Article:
First conference looks into defamation law for mediahttps://www.mdi.org.vn/wp-content/uploads/2017/04/photo.gif 360 360 MDI MDI https://secure.gravatar.com/avatar/1b01c628448860786500afb73cd23a50?s=96&d=mm&r=g
]By Hong Phuc – The Saigon Times Daily
HANOI – Journalists, press regulators and experts sat down together in Hanoi on Wednesday for the first time to discuss a defamation law applicable to the media.
The conference on international defamation law in Vietnam aimed at sharing Vietnam-United Kingdom experience in the issue.
“We will show how defamation law as applied in the UK can both protect the reputation of individuals and organizations but also enable the media to report responsibly about matters of significance for the public such as corruption and public wrongdoing,” said Stephen Whittle, former BBC controller of editorial policy and visiting fellow of the Reuters Institute for the Study of Journalism, University of Oxford.
“We will also ask whether there are any lessons to be learned for Vietnam.”The conference introduced British law concepts of privilege and how media law and regulations can support the test of public interest and responsible journalism.
Vietnamese media has developed rapidly together with the pace of economic growth but libel cases against some media outlets brought to court are on the rise, said Tran Le Thuy, visiting fellow of the Reuters Institute for the Study of Journalism, University of Oxford.
Thuy, who is also manager of the “UK-Vietnam Libel Law: Sharing the Experience” project, said, “We hope those basic concepts of defamation law help resolve problems the editors are facing, such as providing clearer-cut guidelines for reporting and publishing statements that risk serious damage to the reputation of individuals or organizations.
“We will discuss hot questions from the Vietnamese press, for example, the definition of public interest, the standard processes for checking information on the quality of products, such as food or drugs, a bank’s financial situation or ongoing public inquiries.”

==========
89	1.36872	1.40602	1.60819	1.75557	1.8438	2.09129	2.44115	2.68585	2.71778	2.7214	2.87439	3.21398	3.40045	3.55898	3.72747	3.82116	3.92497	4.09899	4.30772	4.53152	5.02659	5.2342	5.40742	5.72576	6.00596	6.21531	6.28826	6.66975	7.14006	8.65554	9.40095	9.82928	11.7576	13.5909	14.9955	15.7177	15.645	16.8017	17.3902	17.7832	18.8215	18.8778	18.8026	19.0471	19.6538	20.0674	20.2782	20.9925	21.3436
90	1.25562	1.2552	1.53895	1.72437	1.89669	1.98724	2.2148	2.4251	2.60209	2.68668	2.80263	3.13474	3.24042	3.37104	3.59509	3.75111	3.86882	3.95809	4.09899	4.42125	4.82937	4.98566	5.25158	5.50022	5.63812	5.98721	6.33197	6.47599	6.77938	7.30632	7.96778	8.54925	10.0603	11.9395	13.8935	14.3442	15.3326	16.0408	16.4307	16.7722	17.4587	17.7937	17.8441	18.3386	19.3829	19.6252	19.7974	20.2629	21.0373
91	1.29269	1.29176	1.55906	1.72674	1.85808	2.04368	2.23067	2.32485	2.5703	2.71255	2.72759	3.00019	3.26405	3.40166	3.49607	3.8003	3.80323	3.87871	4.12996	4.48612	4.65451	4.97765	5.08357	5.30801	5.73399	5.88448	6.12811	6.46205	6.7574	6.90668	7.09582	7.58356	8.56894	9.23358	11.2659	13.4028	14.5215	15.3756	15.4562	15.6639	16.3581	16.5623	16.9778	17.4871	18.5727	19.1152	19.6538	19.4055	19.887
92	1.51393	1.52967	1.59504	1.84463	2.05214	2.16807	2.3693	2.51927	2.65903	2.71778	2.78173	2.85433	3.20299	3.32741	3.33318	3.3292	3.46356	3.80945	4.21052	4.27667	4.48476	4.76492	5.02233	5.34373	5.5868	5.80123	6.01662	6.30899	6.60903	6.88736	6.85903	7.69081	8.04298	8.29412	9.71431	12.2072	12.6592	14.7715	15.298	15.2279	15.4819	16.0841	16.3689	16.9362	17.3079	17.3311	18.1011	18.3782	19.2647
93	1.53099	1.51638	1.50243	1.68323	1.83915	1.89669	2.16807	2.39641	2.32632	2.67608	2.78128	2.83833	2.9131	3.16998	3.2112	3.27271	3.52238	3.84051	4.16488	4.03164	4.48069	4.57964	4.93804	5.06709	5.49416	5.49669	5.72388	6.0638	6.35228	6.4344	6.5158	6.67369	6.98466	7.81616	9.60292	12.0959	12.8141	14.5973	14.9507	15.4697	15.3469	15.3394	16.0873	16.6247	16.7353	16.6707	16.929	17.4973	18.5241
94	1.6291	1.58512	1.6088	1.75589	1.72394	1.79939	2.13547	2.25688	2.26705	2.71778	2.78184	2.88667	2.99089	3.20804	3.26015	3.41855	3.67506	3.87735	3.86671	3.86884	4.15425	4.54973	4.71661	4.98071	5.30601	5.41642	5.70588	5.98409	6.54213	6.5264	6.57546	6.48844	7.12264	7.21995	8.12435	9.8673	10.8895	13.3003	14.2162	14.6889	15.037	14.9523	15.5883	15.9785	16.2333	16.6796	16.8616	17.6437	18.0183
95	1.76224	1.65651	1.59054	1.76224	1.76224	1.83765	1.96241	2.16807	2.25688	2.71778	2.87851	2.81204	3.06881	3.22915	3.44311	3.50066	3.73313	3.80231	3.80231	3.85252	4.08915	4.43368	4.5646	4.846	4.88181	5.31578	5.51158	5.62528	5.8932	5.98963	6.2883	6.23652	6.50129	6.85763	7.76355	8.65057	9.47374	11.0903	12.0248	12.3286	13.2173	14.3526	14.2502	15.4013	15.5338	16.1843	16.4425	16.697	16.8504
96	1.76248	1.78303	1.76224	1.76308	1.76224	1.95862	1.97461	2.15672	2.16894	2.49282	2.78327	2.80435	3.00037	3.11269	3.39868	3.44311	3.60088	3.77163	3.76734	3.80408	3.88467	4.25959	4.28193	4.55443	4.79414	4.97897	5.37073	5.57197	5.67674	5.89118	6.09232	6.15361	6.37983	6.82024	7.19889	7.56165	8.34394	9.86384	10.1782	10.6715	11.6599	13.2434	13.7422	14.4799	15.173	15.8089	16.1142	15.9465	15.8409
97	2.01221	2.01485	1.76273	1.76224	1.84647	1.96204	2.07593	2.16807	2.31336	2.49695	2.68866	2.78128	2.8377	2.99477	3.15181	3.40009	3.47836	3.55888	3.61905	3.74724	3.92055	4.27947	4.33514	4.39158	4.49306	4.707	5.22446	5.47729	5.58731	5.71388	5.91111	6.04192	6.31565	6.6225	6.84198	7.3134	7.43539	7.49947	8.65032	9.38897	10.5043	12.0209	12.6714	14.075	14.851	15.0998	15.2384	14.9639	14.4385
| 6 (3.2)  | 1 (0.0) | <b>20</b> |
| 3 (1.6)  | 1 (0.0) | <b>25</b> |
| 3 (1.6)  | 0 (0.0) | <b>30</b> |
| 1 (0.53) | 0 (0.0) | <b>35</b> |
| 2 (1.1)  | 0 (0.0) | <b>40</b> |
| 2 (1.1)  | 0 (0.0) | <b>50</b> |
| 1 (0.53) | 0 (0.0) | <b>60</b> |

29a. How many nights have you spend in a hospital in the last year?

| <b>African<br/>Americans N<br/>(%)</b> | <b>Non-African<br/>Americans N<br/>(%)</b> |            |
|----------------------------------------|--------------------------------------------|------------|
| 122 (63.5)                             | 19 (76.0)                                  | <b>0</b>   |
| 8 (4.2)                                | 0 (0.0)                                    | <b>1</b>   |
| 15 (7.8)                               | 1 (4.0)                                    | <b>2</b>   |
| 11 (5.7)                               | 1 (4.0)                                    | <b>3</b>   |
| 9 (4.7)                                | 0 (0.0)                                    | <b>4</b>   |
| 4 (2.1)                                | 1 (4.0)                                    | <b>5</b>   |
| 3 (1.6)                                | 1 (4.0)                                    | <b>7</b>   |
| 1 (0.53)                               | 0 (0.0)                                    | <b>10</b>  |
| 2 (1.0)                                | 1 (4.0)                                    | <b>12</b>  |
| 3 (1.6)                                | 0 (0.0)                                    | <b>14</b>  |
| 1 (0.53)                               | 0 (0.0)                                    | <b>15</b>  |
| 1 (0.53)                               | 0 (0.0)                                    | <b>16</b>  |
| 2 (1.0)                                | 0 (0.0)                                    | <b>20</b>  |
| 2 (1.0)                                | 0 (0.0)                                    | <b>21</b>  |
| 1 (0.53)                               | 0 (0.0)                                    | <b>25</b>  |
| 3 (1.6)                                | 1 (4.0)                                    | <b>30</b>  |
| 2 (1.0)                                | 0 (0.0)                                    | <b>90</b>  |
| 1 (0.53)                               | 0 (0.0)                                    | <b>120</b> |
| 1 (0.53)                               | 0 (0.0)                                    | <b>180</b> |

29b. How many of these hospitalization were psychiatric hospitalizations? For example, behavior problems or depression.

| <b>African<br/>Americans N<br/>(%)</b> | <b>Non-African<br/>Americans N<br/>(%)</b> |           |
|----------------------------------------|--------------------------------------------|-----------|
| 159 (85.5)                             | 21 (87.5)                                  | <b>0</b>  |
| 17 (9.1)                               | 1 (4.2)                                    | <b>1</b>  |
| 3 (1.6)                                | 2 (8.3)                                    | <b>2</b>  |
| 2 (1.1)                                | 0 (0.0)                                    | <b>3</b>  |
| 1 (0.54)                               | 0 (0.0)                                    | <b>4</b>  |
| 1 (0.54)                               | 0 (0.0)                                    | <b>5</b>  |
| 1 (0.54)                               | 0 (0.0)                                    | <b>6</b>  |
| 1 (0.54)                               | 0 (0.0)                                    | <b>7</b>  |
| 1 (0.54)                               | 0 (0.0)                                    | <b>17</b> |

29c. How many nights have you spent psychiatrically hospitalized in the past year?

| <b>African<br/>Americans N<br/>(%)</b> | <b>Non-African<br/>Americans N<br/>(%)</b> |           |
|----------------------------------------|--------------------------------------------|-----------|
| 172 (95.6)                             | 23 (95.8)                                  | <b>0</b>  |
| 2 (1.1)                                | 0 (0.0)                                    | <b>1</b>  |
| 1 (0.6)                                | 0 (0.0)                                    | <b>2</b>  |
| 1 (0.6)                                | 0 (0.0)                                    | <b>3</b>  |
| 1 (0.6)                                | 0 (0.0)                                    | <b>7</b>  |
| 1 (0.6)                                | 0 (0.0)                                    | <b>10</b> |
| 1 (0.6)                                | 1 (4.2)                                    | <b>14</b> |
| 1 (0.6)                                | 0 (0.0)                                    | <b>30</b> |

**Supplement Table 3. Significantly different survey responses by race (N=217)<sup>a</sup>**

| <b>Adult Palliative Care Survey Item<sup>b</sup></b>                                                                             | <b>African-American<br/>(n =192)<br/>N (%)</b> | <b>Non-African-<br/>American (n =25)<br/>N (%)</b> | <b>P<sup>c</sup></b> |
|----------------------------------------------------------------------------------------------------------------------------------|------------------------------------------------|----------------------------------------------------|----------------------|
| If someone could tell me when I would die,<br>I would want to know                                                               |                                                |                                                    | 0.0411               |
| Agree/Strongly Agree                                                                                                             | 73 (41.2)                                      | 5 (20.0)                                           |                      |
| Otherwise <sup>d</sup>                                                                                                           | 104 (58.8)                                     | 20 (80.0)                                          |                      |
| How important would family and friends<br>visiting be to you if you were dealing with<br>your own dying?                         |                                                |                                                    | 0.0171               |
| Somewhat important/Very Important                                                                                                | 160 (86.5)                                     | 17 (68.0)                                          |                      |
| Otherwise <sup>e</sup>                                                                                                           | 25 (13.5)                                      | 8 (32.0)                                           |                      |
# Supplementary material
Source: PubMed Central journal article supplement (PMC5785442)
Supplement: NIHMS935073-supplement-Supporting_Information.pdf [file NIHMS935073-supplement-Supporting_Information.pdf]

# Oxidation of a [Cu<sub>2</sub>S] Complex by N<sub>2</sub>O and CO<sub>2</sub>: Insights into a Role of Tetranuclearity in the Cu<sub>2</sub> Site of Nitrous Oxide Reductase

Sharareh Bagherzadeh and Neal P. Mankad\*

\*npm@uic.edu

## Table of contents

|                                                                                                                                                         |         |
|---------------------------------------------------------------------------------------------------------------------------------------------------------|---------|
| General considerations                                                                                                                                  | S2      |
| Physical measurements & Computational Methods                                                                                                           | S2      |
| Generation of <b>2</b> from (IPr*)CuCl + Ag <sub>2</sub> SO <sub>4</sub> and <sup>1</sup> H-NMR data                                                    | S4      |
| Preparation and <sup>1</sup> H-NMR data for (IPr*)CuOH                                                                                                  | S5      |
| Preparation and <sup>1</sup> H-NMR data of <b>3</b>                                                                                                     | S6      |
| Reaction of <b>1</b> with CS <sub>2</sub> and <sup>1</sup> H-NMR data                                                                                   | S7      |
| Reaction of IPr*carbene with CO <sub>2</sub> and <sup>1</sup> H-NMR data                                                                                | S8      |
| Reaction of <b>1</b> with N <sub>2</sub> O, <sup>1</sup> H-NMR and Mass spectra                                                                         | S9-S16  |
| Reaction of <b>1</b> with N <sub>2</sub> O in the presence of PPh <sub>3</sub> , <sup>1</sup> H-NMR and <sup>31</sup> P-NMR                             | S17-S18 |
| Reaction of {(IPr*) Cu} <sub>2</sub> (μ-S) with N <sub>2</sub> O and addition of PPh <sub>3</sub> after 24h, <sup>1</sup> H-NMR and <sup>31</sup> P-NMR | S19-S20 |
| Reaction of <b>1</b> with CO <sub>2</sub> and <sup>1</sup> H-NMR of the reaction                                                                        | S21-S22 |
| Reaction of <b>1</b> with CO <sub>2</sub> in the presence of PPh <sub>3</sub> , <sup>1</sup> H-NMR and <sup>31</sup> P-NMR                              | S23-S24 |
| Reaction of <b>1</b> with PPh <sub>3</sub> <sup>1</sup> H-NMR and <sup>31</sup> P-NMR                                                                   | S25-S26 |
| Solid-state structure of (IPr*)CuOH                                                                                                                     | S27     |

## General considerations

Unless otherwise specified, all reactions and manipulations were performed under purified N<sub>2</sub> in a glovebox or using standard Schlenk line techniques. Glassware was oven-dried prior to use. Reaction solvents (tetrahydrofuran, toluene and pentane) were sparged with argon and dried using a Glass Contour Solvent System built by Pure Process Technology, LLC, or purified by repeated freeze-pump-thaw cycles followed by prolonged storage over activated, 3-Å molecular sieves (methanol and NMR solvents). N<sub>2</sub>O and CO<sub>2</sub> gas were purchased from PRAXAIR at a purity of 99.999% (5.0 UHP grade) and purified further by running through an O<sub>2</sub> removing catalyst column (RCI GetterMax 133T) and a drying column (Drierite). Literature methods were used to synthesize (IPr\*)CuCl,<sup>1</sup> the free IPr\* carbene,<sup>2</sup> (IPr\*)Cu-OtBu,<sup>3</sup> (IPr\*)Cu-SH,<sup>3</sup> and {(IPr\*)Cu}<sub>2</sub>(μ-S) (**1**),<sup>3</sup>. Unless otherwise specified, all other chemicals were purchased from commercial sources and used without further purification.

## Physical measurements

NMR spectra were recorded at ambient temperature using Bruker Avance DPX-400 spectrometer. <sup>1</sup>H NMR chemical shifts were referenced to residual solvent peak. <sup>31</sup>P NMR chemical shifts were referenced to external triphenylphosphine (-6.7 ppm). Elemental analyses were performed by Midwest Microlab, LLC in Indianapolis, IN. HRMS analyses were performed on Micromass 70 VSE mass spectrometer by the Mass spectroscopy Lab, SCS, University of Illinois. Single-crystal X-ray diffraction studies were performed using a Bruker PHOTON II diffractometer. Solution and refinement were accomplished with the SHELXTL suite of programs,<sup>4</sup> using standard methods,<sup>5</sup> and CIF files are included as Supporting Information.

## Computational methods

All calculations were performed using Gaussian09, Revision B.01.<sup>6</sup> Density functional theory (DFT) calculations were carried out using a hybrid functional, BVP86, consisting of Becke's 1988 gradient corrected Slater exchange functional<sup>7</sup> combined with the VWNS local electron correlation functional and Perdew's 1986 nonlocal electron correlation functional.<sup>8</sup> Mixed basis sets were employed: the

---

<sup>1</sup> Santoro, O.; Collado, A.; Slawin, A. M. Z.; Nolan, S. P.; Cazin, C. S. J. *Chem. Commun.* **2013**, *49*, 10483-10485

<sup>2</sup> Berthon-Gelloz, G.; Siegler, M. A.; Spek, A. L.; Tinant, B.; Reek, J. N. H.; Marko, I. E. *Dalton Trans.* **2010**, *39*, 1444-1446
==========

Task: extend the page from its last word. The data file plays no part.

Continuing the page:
As a newcomer to Vietnam, Peter Connolly, the British Charge D’Affaires, said the Vietnamese press environment was diverse, vibrant and dynamic and that defamation lawsuits show the complexity and maturity of the local media and legal systems.
“I hope this seminar can help you understand how the UK approaches these challenges in practice and that what you hear and discuss will be of value to Vietnam,” said Connolly.
“We hope it will help to answer some questions among editors and press regulators in order to help the Vietnamese media in its development towards international professional standards.”
Hoang Huu Luong, head of the Press Department of the Ministry of Information and Communications, said Vietnam was serious about violations of regulations in the media.
The department last year got 293 complaints, he said, adding 31 cases relating to 26 media outlets had led to pecuniary penalties and press card losses.
According to Luong, Vietnam has 16,000 reporters holding the ministry-issued press cards, and 706 media outlets with 900 publications.
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